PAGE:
Originally printed in the January 2018 issue of Vogue Arabia.
Jean Paul Gaultier, dressed in a suit and tie, strolls into his Paris couture showroom. On this particular winter day, the soaring space, cloaked floor-to-ceiling in white tissue, is illuminated with natural rays that stream in from rue Saint-Martin. A colossal mirror, where couture and bridal clients marvel at their reflections, leans against a wall. Two velvet ebony divans face each other, beckoning leisurely conversation over chocolate truffles. Walls are lined with couture creations displayed on mannequins, and behind a white curtain, rack upon rack bursts with dresses, perhaps to be sent to a retrospective exhibition – or a client. Anything seems possible under the haunting, half-concealed chandelier chez Gaultier. The space is what I would imagine a princess’s anteroom would look like, had France not ended its monarchy at the guillotine. Today, we are guests in the house of one of the country’s most iconic designers, but not to speak with him of clothes; nor his career that started with Pierre Cardin and that ascended when he took the street to the runway. We’re also not discussing how he marked Madonna’s tours with provocative costumes, as he did in cinema – The Fifth Element by Luc Besson comes to mind. Nor his numerous perfumes for men and women. Rather, we are here to talk about the dellah – a traditional Middle Eastern coffee pot and set that he designed for the region.
“I said yes right away,” says Gaultier, settling into the plush couch. “And I did what I could with the means that I have.” He nods to the vibrant-looking dellah sitting on the low table before us. Approached by Aura, a Saudi Arabian contemporary home decor brand, Gaultier was asked to collaborate on the design of the dellah, coffee and tea cups, and saucers. Set to retail exclusively in the GCC, all profits will go to Ensan, the Saudi Arabian charitable society for the care of orphans, chaired by Prince Faisal bin Salman. It takes care of more than 40 000 orphans in the Riyadh region alone, and also provides assistance to adult orphans, be it through job placements and even marriage.
The design is undeniably “Gaultier.” The French colors, blue marine stripes against a white porcelain backdrop, are finished with a red button atop the cap – a nod to the large poppy-colored pouf that sits high on the hat of French marines. “For luck,” adds the couturier. The story of the stripes is a personal one for Gaultier. As a child, he wore striped T-shirts purchased at flea markets. “I thought it was beautifully graphic, and the stripes bring a certain dynamic to a classic outfit. Wear a striped shirt under a suit and it ‘breaks’ the look in a fantastic way.” As for the roses, they are drawn like tattoos and recall a target when featured on a saucer, surrounded by circles. Tattoos are a signature of Gaultier. “I have them on my arms, but I don’t show them anymore. They don’t age very well,” he says. He points to the iron structure levitating from the center of the dellah. “The Eiffel Tower. Paris – it’s my home. It’s also the center of the couture world.” Behind the iconic structure, wings spread wide. They represent royalty, but also liberty. “Elevate yourself in peace, not just power,” says Gaultier, pointing up towards the sky.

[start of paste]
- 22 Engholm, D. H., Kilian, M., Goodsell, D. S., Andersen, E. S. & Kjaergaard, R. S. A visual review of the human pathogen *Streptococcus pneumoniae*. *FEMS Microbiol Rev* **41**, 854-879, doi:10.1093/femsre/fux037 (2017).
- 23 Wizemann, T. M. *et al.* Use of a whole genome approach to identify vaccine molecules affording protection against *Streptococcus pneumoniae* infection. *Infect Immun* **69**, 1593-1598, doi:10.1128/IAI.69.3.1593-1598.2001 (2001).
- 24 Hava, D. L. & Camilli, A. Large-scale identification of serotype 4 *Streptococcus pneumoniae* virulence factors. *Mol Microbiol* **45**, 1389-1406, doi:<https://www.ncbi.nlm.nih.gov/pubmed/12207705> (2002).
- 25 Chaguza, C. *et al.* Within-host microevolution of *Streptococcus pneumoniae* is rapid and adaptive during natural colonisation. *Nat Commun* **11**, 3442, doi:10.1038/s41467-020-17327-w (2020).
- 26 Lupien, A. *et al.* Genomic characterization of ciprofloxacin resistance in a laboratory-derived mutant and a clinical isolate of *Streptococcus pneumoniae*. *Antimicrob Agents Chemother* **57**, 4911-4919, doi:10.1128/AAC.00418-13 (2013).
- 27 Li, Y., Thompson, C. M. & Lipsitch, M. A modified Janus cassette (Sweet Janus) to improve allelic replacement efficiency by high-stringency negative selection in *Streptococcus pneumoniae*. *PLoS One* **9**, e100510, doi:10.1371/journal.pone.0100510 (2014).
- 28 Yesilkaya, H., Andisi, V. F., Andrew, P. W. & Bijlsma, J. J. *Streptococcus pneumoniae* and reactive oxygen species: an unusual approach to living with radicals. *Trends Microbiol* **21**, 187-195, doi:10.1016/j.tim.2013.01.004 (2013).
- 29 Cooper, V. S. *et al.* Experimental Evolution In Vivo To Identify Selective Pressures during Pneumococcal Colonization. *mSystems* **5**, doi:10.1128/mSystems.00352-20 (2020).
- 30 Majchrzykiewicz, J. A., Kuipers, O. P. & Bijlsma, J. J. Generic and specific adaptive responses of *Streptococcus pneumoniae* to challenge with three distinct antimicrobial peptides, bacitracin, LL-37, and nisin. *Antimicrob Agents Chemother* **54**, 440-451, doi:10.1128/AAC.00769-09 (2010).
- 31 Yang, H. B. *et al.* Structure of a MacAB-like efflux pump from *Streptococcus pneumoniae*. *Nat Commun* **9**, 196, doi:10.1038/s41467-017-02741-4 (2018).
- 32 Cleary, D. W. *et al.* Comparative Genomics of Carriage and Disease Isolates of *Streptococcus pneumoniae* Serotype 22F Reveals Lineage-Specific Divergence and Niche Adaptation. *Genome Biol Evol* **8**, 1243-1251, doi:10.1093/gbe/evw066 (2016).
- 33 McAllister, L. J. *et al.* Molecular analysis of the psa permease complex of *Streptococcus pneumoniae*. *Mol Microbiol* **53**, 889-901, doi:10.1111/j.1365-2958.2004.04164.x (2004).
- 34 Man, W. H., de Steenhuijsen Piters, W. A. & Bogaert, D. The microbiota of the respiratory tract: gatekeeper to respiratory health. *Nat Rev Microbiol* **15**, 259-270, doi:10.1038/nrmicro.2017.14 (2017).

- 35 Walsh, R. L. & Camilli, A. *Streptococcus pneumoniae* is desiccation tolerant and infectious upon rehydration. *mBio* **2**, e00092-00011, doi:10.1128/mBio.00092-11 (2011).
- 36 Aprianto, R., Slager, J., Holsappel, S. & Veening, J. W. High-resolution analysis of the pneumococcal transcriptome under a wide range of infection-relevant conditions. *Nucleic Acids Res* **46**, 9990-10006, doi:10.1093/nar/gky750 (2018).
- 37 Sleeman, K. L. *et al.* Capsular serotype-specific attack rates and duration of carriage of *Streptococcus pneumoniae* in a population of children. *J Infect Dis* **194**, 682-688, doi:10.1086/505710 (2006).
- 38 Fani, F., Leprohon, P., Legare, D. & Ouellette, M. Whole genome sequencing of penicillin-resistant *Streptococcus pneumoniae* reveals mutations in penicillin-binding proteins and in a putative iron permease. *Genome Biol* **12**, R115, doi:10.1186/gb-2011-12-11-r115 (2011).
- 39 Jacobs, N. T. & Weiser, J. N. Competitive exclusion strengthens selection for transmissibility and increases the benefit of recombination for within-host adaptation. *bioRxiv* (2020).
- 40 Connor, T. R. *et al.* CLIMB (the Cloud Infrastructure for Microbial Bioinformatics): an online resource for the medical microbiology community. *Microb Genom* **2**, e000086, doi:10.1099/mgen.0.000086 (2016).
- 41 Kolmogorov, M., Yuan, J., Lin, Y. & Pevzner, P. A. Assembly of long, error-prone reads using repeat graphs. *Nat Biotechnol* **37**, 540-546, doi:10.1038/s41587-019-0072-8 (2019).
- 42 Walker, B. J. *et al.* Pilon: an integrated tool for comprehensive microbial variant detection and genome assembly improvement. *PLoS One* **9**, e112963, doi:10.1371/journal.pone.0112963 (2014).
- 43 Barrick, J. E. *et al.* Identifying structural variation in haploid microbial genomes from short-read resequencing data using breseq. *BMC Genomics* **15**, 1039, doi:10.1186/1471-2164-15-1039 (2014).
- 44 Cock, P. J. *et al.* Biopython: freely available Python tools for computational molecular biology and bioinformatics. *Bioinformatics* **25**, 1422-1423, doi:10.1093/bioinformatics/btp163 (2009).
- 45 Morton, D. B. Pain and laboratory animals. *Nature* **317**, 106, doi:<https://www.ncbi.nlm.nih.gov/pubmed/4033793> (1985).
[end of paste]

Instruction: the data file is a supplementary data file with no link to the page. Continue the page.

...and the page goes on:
The photographer signals that she is ready to begin the photo shoot. Gaultier disappears behind a white changing wall and emerges in a sequined, blue-striped sailor’s shirt. Man and myth merge. There is a sudden hush in the salon. Gaultier’s blue eyes twinkle and his sequins flash. He picks up the dellah and holds it like a showman, fingers flaring like the arabesque neck of the pot. Fashion history now with a taste of Arabia is once again unveiled in front of our eyes.
The Aura X Jean Paul Gaultier collection is available at Aura stores across the region. All proceeds from sales of the collection will go to Ensan